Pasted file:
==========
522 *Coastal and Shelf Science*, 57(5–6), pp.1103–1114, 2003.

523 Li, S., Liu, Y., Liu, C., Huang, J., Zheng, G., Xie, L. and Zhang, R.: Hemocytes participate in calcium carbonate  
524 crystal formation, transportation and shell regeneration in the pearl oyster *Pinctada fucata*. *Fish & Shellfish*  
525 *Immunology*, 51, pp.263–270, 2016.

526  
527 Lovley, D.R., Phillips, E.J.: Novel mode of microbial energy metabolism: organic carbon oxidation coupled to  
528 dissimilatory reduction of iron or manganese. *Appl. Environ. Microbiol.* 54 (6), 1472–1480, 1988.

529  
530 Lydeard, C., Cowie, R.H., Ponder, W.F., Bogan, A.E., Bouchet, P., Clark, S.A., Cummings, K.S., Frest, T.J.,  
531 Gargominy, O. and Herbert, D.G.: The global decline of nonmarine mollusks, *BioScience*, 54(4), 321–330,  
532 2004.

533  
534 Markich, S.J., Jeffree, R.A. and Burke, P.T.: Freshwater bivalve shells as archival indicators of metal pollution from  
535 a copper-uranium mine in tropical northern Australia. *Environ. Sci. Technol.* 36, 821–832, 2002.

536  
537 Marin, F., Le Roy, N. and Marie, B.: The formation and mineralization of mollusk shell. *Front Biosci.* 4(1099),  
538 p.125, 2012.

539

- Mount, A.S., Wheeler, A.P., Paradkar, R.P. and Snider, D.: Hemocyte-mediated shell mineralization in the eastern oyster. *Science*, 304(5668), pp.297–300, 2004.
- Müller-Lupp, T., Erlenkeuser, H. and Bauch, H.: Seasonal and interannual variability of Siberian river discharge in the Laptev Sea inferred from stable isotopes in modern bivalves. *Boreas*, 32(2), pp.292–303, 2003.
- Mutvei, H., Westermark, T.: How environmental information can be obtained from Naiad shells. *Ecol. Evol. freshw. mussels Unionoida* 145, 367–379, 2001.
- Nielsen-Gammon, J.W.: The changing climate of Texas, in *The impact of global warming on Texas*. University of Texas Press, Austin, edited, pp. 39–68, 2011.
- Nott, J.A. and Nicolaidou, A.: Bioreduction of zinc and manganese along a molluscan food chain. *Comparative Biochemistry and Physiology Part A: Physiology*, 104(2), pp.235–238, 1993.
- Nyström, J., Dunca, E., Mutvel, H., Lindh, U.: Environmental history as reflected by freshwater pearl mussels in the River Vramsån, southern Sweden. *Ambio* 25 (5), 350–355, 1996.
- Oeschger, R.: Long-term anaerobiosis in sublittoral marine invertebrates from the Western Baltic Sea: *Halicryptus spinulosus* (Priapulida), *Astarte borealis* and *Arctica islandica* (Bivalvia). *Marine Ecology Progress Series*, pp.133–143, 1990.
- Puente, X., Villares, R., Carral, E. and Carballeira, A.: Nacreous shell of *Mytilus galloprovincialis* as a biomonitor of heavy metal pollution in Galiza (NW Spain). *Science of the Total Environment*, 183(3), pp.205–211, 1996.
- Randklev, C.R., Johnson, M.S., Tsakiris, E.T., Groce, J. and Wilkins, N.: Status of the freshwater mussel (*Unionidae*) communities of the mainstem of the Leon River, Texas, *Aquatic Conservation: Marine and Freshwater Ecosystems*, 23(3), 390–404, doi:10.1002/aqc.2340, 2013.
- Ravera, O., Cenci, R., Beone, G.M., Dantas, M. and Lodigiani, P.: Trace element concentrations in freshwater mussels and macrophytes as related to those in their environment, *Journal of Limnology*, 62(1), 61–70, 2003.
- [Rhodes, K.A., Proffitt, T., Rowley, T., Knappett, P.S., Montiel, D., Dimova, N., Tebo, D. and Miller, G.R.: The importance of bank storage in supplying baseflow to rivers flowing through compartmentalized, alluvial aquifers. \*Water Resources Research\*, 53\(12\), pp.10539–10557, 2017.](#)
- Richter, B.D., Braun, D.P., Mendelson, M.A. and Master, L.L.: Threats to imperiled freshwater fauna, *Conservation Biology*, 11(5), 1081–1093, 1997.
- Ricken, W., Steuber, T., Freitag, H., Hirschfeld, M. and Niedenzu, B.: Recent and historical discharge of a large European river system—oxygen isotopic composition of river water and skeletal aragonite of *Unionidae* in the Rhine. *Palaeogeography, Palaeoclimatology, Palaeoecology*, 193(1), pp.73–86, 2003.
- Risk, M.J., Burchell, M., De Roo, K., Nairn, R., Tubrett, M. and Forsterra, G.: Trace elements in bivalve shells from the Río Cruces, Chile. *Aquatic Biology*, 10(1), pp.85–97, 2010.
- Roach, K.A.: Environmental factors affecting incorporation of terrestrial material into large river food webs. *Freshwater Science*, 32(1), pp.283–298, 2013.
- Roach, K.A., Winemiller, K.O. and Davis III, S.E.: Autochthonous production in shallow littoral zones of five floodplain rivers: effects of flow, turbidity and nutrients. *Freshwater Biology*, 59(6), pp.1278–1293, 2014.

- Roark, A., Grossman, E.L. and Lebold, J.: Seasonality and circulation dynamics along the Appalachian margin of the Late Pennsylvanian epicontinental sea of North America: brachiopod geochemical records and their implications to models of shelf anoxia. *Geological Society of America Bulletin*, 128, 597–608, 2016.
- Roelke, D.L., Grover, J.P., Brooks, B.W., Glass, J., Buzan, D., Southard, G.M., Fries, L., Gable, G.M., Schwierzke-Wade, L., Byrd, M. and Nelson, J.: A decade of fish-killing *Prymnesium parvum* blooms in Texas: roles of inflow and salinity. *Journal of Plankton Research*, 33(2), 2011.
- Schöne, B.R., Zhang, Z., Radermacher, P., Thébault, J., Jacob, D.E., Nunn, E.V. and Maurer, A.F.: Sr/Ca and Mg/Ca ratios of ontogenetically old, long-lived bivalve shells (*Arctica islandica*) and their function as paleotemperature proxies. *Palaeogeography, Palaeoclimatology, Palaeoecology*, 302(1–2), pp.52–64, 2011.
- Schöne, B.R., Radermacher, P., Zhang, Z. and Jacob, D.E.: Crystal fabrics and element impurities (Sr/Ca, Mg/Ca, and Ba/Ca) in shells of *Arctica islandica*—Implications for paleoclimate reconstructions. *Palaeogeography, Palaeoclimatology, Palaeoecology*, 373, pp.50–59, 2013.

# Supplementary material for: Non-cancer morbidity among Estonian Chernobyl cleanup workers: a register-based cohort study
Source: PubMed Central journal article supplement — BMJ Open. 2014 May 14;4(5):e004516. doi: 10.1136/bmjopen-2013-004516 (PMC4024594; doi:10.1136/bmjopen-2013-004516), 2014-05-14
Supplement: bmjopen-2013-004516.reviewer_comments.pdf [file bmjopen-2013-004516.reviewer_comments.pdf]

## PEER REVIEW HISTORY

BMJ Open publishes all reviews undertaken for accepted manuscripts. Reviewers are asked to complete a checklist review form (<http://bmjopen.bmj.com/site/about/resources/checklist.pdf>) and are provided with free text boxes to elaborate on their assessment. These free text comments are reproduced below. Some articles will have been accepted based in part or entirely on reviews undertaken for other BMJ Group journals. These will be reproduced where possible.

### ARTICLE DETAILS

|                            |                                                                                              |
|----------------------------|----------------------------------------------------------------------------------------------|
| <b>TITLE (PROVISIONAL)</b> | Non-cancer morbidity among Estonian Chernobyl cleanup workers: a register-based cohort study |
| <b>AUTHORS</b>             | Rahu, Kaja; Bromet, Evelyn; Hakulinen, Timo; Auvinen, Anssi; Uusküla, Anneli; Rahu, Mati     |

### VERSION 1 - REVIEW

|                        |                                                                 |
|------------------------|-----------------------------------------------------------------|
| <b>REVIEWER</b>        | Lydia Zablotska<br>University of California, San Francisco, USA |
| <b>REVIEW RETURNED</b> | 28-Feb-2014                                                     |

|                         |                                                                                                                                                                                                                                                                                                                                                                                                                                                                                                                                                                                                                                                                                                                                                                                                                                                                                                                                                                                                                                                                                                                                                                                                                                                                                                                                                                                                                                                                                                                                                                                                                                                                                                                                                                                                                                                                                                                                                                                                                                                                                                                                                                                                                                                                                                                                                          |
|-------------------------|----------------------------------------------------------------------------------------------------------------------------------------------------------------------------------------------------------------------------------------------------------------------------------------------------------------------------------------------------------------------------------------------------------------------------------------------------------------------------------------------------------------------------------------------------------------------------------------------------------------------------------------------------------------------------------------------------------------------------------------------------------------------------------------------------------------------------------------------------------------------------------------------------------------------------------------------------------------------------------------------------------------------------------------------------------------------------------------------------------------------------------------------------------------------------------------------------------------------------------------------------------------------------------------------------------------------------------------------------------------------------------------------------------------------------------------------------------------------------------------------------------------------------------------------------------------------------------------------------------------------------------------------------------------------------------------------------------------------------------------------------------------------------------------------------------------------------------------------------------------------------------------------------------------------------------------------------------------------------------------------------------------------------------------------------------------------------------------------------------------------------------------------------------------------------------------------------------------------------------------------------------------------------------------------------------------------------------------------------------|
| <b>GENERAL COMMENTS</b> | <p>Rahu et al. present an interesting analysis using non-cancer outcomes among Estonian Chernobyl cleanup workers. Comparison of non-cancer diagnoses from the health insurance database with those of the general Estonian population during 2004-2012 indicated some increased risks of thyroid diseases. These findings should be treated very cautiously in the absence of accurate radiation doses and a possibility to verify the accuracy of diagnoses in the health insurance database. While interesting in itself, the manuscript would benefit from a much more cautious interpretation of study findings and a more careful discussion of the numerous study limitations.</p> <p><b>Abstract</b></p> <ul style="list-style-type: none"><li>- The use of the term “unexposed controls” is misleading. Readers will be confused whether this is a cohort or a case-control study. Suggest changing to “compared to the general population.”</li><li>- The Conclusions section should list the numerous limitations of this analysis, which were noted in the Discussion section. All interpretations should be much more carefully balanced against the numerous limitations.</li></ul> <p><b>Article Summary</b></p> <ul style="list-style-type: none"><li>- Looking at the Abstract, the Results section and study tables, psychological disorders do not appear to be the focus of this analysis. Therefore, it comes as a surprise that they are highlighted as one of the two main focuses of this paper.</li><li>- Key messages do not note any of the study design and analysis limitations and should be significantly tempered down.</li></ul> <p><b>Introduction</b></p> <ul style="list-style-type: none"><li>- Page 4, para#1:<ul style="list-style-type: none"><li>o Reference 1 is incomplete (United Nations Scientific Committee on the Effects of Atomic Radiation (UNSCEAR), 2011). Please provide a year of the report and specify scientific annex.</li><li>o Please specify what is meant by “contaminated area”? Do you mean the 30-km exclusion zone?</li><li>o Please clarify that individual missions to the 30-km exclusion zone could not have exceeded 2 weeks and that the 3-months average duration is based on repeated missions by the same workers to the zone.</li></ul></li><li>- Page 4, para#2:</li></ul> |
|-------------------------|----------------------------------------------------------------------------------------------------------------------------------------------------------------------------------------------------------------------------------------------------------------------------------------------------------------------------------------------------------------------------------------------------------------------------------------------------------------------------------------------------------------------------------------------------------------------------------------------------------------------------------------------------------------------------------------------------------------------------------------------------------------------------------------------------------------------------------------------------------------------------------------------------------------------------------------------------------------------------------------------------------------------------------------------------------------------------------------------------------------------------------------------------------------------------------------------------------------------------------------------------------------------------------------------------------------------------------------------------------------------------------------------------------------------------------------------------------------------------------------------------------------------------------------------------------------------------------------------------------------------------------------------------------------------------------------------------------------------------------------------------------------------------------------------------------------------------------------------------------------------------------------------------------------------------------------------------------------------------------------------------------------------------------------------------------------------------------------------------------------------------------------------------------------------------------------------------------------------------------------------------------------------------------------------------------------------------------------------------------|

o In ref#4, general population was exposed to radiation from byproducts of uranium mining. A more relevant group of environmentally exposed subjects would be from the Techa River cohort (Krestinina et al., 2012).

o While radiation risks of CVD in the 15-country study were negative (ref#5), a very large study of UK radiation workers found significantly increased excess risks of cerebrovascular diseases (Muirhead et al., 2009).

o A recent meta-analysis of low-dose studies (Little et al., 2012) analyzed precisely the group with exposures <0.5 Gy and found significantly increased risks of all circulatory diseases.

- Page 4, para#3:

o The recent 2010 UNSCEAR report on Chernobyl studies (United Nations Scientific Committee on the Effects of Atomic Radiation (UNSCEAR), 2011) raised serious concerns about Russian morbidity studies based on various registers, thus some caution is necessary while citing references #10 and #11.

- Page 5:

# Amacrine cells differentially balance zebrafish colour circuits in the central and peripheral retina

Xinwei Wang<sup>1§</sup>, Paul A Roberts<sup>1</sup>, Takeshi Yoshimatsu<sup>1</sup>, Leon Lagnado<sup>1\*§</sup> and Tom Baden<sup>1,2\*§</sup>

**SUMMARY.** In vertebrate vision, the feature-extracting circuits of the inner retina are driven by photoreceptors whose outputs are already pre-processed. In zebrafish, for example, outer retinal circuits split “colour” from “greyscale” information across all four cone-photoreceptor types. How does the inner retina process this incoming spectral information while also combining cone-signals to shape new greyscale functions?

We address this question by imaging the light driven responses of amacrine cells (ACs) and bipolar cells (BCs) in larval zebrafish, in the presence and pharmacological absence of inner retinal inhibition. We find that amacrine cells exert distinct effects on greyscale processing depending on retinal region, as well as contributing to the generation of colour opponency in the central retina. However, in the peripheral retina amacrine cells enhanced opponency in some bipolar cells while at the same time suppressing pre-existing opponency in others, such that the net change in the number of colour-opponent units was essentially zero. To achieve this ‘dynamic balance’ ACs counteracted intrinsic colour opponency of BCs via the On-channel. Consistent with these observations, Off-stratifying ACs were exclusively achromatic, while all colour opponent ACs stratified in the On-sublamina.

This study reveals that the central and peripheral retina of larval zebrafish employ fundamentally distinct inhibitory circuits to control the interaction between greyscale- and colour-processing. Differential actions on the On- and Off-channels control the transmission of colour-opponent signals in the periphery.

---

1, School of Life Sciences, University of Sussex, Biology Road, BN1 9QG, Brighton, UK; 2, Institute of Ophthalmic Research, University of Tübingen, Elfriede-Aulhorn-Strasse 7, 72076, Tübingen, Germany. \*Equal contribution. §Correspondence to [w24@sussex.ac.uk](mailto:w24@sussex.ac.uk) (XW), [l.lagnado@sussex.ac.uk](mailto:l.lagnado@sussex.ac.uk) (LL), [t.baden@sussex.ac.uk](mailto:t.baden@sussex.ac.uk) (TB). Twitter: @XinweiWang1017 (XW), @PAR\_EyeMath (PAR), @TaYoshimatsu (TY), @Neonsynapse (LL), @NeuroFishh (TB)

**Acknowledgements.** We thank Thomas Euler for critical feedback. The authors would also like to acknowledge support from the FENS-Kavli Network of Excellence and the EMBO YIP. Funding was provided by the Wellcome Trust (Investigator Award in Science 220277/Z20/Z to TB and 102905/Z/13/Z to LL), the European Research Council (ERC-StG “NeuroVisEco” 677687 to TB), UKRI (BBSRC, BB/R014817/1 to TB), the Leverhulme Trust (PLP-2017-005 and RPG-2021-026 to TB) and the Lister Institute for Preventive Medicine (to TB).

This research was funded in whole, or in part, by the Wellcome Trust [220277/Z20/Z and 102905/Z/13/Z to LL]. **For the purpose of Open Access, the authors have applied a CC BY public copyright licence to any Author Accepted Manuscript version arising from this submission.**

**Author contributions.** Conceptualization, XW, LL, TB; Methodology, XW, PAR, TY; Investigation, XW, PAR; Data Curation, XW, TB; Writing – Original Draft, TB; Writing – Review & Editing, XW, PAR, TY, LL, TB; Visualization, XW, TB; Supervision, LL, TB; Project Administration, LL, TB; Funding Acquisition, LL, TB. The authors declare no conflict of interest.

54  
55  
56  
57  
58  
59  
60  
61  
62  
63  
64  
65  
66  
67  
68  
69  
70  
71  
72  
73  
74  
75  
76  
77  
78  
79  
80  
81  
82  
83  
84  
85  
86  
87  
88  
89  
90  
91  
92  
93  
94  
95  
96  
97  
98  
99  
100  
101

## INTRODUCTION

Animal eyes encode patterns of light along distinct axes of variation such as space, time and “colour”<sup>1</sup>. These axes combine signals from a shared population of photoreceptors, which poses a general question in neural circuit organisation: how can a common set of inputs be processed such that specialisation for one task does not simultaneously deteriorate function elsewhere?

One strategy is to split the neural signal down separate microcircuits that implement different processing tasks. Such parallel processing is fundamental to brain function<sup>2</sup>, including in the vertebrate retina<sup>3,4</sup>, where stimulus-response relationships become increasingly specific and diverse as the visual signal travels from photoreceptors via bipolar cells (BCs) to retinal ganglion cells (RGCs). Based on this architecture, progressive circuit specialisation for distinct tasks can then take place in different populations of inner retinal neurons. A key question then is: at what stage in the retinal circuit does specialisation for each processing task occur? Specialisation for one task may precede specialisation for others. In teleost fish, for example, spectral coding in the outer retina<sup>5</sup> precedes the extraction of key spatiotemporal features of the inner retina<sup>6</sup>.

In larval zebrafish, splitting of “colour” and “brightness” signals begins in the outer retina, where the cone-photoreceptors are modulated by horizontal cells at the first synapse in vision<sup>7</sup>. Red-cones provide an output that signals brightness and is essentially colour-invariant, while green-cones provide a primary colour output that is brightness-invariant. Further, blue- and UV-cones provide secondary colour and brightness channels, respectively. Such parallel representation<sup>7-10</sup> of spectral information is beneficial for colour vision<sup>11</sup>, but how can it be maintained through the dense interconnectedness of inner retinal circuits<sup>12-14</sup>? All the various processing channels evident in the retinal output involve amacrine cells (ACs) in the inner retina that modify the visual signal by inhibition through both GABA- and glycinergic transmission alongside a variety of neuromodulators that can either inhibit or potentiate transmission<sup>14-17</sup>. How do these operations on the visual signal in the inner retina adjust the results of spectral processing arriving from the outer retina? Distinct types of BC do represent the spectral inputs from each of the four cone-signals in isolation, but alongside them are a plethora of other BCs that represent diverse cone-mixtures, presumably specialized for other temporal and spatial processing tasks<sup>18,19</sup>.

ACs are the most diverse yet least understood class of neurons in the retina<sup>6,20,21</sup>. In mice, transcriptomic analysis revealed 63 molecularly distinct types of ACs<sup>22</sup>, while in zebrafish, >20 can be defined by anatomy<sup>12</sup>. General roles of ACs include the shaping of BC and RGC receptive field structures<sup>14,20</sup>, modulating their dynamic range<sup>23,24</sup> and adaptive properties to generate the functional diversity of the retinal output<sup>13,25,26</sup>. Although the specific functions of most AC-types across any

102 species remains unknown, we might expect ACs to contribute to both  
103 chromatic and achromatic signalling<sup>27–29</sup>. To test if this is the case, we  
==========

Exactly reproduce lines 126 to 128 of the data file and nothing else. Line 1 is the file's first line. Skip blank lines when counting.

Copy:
ACs are the most diverse yet least understood class of neurons in the retina<sup>6,20,21</sup>. In mice, transcriptomic analysis revealed 63 molecularly distinct types of ACs<sup>22</sup>, while in zebrafish, >20 can be defined by anatomy<sup>12</sup>. General roles of ACs include the shaping of BC and RGC receptive field structures<sup>14,20</sup>, modulating their dynamic range<sup>23,24</sup> and adaptive properties to generate the functional diversity of the retinal output<sup>13,25,26</sup>. Although the specific functions of most AC-types across any

102 species remains unknown, we might expect ACs to contribute to both  
103 chromatic and achromatic signalling<sup>27–29</sup>. To test if this is the case, we  